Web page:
Patients with ESRD can qualify for Medicare if they have enough work credits or have a spouse or parent with enough work credits. They must apply for coverage through Social Security and the CMS 2728 provides medical documentation of their ESRD status and key dates that will determine when Medicare starts.

You can use this calculator to see when Medicare coverage can start based on when a patient begins a self/home dialysis training program. The form also includes the date the patient completed or will complete training. The patient's doctor must sign the CMS 2728 attesting to its accuracy. The ESRD Conditions for Coverage at § 494.100 Condition: Care at home addresses the requirements for certified training and support facilities.

Is your patient underinsured? Careful scheduling of access placement (PD or HD), training start, (HD or PD), and the first day of dialysis can help. Here's how it works:

EXAMPLE:

  • Fred has a PD catheter (or HD access) placed on December 14.
  • His first PD (or HD) treatment is January 2.
  • Even if he starts a home training program that day, Medicare will only backdate to January 1—so any December charges will not be Medicare covered.

However, if Fred had his PD catheter (or HD access) placed on December 14 and started PD (or HD) on December 31, as long as Fred started home training before March 1, Medicare could cover his December bills.

As you can see, timing is key to whether your patient could incur a large medical debt, or whether Medicare will cover the access placement surgery, lab tests, and more.

References:

  1. Medicare Benefit Policy Manual, Chapter 11- End Stage Renal Disease (ESRD)
    http://www.cms.gov/Regulations-and-Guidance/Guidance/Manuals/Downloads/bp102c11.pdf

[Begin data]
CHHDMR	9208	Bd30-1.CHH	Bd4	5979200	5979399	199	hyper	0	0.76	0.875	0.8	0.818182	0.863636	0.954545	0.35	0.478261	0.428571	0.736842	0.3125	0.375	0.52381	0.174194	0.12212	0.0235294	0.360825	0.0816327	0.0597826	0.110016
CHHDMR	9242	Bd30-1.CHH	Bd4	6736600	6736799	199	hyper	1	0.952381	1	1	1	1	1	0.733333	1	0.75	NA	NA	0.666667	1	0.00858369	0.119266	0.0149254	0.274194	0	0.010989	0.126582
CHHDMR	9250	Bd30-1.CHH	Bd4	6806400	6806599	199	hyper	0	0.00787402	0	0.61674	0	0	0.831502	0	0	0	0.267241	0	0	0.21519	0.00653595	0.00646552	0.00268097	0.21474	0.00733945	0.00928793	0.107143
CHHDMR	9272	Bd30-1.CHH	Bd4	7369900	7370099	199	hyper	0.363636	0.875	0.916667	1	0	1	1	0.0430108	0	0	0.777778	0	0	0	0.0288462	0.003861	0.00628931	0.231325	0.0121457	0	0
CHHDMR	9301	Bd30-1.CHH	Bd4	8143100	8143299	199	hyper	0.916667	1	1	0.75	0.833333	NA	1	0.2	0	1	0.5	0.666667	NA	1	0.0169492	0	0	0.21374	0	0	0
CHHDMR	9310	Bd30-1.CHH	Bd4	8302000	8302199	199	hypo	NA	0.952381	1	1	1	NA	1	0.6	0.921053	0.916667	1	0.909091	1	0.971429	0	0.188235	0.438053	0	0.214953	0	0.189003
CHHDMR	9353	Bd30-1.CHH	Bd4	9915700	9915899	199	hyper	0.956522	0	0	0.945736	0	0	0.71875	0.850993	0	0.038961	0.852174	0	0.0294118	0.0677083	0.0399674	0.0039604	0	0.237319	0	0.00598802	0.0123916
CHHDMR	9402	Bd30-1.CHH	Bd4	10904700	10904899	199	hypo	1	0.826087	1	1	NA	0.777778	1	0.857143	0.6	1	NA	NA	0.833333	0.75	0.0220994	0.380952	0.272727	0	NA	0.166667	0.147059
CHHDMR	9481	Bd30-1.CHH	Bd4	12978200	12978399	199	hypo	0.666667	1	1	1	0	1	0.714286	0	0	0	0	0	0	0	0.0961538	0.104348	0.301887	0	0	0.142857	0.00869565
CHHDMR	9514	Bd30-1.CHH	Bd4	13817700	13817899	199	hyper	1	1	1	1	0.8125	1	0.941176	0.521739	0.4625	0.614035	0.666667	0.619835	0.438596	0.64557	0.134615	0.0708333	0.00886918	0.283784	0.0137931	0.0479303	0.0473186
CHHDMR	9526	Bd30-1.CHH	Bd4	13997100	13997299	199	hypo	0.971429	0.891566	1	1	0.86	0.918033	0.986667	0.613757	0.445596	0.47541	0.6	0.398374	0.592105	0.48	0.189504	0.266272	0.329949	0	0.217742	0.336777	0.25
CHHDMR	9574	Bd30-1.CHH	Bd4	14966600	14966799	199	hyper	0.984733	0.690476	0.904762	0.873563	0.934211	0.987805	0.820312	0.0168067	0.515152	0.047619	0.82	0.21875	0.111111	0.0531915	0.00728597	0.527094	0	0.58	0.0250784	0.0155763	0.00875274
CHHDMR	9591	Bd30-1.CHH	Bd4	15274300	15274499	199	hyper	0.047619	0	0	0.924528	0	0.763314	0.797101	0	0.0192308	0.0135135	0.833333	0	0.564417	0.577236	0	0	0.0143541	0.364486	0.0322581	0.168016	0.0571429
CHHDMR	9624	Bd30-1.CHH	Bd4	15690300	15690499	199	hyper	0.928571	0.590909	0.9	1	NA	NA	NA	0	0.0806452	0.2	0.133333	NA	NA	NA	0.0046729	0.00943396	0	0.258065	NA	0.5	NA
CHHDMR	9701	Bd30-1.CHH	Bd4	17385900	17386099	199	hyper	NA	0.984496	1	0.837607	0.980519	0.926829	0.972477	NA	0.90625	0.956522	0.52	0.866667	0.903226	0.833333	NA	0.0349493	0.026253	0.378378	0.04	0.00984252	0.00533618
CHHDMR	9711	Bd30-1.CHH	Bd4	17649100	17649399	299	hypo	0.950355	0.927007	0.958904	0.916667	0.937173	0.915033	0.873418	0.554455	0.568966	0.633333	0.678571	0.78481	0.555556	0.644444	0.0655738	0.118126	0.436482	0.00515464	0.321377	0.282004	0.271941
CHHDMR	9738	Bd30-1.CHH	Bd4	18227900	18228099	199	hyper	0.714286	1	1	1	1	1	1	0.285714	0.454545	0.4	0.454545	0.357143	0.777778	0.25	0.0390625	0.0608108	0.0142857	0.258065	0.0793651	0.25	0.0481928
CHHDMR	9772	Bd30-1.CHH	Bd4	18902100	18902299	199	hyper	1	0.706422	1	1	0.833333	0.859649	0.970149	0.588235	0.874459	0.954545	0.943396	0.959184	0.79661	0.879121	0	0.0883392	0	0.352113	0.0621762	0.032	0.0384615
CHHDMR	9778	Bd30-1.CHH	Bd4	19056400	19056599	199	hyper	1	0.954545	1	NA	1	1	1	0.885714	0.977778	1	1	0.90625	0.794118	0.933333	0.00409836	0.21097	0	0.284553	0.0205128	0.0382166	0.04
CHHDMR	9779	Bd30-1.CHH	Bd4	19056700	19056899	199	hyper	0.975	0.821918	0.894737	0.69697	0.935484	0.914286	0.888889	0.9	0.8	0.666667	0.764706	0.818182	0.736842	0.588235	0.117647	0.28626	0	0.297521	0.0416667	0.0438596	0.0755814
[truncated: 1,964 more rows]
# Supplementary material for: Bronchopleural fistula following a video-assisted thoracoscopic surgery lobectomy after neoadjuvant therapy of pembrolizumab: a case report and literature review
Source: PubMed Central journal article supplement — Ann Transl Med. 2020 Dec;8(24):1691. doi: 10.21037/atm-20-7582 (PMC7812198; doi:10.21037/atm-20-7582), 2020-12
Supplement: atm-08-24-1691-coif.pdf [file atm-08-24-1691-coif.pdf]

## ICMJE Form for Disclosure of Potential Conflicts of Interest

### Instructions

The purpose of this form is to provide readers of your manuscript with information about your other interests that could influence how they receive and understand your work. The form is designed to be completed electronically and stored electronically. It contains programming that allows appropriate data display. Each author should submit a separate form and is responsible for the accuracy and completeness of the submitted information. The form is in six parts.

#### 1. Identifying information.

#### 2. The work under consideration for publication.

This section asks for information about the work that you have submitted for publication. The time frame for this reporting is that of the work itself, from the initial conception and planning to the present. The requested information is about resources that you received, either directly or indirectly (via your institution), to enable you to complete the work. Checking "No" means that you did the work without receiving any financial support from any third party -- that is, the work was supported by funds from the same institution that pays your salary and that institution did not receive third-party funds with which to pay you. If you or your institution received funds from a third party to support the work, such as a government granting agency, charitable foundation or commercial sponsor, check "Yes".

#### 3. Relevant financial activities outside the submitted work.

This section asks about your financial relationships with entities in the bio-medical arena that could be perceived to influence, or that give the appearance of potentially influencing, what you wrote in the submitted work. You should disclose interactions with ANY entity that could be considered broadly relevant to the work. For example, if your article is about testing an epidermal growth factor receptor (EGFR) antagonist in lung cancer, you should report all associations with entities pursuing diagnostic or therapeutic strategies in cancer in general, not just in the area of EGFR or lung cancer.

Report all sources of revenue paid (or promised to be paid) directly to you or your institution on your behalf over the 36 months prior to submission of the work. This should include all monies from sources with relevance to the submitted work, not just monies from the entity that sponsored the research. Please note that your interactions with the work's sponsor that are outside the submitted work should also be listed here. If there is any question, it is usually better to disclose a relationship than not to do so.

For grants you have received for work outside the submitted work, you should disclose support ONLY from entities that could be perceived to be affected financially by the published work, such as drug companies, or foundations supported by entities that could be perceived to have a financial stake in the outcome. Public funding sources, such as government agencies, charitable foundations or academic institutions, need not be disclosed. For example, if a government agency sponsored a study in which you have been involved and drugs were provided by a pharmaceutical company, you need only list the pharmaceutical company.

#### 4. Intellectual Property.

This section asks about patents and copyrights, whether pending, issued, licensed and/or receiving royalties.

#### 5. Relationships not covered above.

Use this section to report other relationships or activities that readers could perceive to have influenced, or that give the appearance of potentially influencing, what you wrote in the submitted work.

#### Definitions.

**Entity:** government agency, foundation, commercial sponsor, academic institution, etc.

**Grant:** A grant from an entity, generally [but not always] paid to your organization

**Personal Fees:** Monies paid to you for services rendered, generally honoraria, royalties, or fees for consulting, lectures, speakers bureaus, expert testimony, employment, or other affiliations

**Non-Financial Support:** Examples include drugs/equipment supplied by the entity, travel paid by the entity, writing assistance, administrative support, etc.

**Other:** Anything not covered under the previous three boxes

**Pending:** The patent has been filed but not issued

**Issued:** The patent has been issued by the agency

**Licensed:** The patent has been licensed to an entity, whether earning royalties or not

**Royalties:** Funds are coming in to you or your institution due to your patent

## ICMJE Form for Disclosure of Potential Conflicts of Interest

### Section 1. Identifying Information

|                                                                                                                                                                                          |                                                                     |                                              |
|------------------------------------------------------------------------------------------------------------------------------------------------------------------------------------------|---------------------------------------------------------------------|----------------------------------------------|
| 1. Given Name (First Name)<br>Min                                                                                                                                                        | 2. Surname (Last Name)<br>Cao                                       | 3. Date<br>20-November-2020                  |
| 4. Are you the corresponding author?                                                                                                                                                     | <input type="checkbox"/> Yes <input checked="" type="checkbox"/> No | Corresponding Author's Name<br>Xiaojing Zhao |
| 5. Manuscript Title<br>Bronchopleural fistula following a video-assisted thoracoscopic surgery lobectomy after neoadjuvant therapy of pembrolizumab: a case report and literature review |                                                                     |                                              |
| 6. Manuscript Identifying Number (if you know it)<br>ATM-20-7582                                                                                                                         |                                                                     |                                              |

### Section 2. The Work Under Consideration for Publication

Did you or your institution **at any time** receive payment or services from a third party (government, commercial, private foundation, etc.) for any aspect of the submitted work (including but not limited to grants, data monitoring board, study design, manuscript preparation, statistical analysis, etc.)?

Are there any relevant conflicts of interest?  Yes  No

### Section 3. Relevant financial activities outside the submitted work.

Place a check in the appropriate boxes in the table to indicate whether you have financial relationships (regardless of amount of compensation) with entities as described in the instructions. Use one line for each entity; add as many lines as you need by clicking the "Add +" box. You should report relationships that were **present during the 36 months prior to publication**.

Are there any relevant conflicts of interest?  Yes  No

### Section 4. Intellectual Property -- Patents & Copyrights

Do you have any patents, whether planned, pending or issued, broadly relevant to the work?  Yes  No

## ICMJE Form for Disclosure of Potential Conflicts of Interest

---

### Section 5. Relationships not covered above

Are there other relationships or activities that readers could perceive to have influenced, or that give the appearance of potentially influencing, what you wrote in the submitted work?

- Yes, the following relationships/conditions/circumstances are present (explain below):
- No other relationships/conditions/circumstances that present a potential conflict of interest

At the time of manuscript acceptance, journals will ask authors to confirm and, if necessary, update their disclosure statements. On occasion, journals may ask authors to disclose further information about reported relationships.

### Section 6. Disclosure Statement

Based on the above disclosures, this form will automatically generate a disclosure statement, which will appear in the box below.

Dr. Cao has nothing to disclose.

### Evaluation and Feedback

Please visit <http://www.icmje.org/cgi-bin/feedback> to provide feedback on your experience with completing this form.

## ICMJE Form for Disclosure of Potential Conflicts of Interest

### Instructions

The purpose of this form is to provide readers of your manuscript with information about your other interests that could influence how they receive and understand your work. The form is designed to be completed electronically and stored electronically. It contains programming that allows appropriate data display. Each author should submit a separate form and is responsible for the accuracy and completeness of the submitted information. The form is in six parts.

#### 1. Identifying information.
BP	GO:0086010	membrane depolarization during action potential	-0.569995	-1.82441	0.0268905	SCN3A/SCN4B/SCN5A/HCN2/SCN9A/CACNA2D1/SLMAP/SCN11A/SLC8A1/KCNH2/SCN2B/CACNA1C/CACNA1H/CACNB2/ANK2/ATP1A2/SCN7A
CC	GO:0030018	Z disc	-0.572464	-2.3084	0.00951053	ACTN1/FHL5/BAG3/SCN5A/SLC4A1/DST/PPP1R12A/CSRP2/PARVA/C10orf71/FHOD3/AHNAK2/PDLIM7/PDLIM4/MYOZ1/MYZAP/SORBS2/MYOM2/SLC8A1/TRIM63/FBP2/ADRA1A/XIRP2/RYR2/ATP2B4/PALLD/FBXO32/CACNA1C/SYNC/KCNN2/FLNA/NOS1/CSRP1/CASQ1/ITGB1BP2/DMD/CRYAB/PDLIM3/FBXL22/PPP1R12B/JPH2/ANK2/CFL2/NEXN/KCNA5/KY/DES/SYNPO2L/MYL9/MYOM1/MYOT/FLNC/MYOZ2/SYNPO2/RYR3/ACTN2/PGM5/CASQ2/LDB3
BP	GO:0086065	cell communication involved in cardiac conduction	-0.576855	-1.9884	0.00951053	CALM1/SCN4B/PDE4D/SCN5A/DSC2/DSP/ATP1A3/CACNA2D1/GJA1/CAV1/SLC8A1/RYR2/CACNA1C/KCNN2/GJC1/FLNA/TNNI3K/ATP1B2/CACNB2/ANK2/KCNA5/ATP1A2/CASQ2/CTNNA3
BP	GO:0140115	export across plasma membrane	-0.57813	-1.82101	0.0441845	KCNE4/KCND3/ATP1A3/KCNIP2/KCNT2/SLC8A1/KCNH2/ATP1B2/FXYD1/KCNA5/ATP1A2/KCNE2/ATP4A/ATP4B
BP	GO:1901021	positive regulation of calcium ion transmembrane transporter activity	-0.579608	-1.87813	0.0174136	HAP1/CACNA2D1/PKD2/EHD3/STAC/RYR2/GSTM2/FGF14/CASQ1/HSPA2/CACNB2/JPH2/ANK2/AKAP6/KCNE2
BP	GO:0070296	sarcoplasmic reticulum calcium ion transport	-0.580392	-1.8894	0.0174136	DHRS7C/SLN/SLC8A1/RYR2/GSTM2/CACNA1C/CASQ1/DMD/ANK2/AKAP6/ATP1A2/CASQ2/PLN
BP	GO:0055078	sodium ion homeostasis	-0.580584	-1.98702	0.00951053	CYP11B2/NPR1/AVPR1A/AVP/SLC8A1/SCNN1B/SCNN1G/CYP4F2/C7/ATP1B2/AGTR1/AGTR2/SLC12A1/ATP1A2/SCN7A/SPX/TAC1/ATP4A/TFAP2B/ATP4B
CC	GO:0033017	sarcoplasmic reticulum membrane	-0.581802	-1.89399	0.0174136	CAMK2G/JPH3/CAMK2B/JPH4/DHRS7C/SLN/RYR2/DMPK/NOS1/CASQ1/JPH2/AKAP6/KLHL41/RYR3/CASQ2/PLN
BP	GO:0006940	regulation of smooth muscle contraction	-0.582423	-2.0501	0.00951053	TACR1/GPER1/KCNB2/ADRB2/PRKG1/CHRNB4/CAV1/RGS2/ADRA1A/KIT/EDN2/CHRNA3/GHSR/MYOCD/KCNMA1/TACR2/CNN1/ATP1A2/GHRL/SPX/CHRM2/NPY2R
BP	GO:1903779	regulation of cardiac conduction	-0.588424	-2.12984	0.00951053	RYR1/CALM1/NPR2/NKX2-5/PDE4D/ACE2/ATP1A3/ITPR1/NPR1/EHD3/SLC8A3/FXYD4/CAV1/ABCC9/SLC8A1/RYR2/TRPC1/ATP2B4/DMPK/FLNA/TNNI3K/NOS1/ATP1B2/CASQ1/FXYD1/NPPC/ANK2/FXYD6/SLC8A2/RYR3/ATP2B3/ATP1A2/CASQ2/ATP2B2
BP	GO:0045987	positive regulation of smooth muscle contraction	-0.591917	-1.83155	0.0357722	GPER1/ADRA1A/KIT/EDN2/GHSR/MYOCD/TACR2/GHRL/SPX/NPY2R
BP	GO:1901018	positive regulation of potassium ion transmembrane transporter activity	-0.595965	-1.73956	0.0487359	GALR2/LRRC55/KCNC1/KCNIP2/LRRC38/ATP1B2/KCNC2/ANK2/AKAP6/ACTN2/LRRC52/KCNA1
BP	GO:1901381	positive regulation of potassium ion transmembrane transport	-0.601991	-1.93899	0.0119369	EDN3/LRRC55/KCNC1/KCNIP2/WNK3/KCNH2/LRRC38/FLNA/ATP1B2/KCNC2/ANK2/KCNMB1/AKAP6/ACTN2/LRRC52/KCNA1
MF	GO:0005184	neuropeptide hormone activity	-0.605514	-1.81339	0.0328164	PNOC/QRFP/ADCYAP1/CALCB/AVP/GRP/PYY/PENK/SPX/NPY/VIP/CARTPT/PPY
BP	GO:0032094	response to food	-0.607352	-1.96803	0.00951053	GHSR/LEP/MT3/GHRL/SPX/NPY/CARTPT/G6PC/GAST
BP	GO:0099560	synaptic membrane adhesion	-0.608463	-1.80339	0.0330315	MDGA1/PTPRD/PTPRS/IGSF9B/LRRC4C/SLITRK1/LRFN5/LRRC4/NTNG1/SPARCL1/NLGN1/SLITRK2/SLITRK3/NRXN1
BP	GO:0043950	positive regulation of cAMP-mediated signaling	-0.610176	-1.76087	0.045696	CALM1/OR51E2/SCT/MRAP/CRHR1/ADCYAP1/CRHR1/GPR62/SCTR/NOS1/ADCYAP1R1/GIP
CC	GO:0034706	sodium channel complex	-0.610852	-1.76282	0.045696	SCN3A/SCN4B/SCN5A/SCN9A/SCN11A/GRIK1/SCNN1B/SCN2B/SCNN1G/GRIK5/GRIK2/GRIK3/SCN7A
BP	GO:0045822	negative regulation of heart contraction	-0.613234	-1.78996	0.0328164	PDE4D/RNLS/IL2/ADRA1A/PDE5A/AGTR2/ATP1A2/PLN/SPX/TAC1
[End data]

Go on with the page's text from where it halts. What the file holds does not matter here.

2. Mehrotra R, Crabtree J. PD Catheter Placement and Management. http://ispd.org/NAC/wp-content/uploads/2010/11/PD-Catheter-Placement-Mehrotra-April-2011-Notes.pdf

Comments

  • Beth Witten

    Mar 10, 3:56 PM

    In my experience working in dialysis, assessing the catheter patency has been called a "flush" and several websites describing catheter care following surgery call it this. How long is the dwell time, how much fluid and toxins are removed, and how much time is spent teaching technique when assessing the catheter for patency? Medicare 's manuals provide a guideline for what is expected so far as training for PD, but it doesn't discuss expectations when the catheter is assessed for patency. Perhaps that's because unless the patient is receiving urgent start PD, assessing catheter patency occurs before the first full training day and PD treatment.

    The blog provides the Medicare definition of dialysis and PD specifically. The Medicare Benefit Policy Manual Section 30.2, describes Medicare coverage for home training. It states that a CAPD or CCPD training session may last up to 8 hours per session (day) and CAPD training sessions may be performed 5-6 days/week and CCPD training sessions may be performed 5 days/week. Although Medicare requires no specific number of exchanges per training day for CAPD or CCPD, the manual states that in a training session (day) 6-8 exchanges may be performed to teach patients CAPD and 5 exchanges may be performed to teach patients CCPD. Medicare routinely covers 15 training days. Does this sound like what occurs during a PD catheter patency assessment?

    For more information see https://www.cms.gov/Regulations-and-Guidance/Guidance/Manuals/Downloads/bp102c11.pdf

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  • Candace Regua

    Mar 10, 1:15 PM

    I disagree. The first time that the catheter is assessed for patency is typically one week post catheter placement. There is a great deal of training that goes on during that patient visit and dwell time, thus dialysis, is easily delivered if the solution and dwell time are managed appropriately. Calling this a "flush" is the problem. Using the time to deliver dialysis means we don't have to wait 2 weeks or longer for training.